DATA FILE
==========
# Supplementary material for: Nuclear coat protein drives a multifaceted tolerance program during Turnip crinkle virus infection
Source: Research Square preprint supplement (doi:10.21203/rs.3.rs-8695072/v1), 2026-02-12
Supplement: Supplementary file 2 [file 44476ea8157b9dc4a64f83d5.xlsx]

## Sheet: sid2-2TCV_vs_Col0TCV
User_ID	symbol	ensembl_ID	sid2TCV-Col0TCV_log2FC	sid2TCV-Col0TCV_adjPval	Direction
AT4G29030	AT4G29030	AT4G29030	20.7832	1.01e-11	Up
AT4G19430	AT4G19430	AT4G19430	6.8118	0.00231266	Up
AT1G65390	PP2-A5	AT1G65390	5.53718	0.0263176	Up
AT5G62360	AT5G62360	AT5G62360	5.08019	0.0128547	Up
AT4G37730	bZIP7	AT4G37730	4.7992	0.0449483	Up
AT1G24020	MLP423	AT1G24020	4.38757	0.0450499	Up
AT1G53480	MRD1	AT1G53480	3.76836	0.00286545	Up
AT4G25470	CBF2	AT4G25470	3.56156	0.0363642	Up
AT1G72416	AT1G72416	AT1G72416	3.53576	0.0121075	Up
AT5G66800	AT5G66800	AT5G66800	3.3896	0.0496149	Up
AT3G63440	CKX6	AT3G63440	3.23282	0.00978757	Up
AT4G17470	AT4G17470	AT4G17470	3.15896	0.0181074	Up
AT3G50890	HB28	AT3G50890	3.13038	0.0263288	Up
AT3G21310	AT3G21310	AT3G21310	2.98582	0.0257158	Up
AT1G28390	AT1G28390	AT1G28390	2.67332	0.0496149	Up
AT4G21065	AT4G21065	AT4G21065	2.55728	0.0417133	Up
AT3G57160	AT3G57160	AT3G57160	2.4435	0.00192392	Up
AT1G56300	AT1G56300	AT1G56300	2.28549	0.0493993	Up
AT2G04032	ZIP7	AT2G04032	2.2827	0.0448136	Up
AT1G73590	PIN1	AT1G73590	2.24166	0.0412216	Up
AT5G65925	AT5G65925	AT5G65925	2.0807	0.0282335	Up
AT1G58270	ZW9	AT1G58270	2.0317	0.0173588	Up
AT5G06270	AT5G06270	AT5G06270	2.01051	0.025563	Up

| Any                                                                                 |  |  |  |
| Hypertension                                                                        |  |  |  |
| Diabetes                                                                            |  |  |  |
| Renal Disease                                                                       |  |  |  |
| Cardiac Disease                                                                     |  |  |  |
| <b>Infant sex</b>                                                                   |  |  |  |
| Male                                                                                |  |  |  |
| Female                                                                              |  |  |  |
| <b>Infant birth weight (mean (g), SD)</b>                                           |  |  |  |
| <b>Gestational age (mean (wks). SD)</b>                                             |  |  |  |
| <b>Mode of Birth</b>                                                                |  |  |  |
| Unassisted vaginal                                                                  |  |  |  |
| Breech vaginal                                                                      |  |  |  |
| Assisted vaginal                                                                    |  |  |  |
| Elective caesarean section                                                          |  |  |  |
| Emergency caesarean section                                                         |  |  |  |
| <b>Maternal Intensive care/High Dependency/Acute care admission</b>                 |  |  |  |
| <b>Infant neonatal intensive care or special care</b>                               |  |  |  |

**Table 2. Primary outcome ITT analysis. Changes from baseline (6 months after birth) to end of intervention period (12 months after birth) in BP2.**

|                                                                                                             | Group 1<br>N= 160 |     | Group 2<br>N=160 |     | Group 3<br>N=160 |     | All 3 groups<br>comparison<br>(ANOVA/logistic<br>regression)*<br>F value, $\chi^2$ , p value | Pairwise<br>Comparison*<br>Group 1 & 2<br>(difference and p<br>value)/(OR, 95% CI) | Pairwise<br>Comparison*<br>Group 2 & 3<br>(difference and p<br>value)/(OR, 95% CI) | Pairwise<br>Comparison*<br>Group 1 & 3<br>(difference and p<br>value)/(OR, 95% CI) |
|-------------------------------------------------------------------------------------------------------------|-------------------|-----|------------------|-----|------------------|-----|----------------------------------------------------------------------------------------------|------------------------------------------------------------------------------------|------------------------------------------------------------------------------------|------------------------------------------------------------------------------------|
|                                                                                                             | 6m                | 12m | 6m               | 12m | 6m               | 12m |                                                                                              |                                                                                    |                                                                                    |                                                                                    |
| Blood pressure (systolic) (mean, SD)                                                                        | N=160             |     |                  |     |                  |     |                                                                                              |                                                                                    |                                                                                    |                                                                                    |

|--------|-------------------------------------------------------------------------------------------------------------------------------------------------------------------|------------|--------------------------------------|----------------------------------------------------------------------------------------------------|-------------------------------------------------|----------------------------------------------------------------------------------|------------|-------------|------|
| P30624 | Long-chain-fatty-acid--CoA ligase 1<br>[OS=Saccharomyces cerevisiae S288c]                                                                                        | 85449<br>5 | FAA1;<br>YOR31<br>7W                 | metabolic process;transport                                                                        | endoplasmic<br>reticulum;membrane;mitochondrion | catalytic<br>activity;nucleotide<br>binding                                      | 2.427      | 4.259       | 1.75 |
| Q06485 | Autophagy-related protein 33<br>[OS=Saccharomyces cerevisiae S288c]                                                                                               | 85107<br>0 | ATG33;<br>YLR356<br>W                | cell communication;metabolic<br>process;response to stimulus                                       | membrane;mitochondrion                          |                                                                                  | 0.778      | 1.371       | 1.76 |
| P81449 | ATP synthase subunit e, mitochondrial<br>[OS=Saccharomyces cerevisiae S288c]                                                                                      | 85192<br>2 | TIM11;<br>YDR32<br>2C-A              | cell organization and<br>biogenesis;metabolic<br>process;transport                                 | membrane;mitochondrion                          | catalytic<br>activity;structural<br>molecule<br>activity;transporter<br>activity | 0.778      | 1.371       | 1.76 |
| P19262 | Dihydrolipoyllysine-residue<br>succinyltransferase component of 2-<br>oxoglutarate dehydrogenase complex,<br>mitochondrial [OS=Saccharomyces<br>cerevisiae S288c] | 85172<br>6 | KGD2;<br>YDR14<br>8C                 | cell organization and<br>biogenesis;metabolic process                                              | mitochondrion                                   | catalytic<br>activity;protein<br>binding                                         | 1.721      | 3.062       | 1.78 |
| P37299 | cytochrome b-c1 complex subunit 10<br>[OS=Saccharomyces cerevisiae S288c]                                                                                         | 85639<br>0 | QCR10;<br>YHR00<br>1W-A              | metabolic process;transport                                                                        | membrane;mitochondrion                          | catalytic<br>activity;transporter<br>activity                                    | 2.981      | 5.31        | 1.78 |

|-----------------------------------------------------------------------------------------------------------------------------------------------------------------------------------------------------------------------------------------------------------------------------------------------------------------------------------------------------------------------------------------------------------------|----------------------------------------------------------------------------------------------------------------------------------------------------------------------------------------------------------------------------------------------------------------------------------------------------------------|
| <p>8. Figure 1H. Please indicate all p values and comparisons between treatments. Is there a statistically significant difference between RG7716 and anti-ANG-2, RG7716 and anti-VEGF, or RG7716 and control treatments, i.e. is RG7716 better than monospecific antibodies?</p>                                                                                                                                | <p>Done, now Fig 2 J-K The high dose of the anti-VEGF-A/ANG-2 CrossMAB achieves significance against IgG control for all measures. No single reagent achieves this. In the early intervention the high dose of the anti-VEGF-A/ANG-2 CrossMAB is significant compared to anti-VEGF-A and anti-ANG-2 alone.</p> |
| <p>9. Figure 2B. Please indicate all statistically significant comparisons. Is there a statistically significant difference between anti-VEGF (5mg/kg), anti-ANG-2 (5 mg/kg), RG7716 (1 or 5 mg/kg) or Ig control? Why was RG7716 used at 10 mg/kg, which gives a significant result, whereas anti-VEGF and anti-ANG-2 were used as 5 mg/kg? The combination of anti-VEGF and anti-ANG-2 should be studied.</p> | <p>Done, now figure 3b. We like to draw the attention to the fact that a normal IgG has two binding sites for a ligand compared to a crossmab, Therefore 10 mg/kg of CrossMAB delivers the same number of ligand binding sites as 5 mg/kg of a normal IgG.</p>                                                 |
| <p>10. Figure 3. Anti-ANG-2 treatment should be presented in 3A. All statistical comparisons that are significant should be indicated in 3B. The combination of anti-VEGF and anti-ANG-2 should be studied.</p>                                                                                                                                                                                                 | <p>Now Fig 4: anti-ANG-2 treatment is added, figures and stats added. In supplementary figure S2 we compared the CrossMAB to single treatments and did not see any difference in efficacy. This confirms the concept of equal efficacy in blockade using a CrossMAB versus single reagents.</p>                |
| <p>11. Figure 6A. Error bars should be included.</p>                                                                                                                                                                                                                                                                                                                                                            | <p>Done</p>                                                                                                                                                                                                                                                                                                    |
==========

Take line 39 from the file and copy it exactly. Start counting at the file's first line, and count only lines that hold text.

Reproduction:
| <b>Mode of Birth</b>                                                                |  |  |  |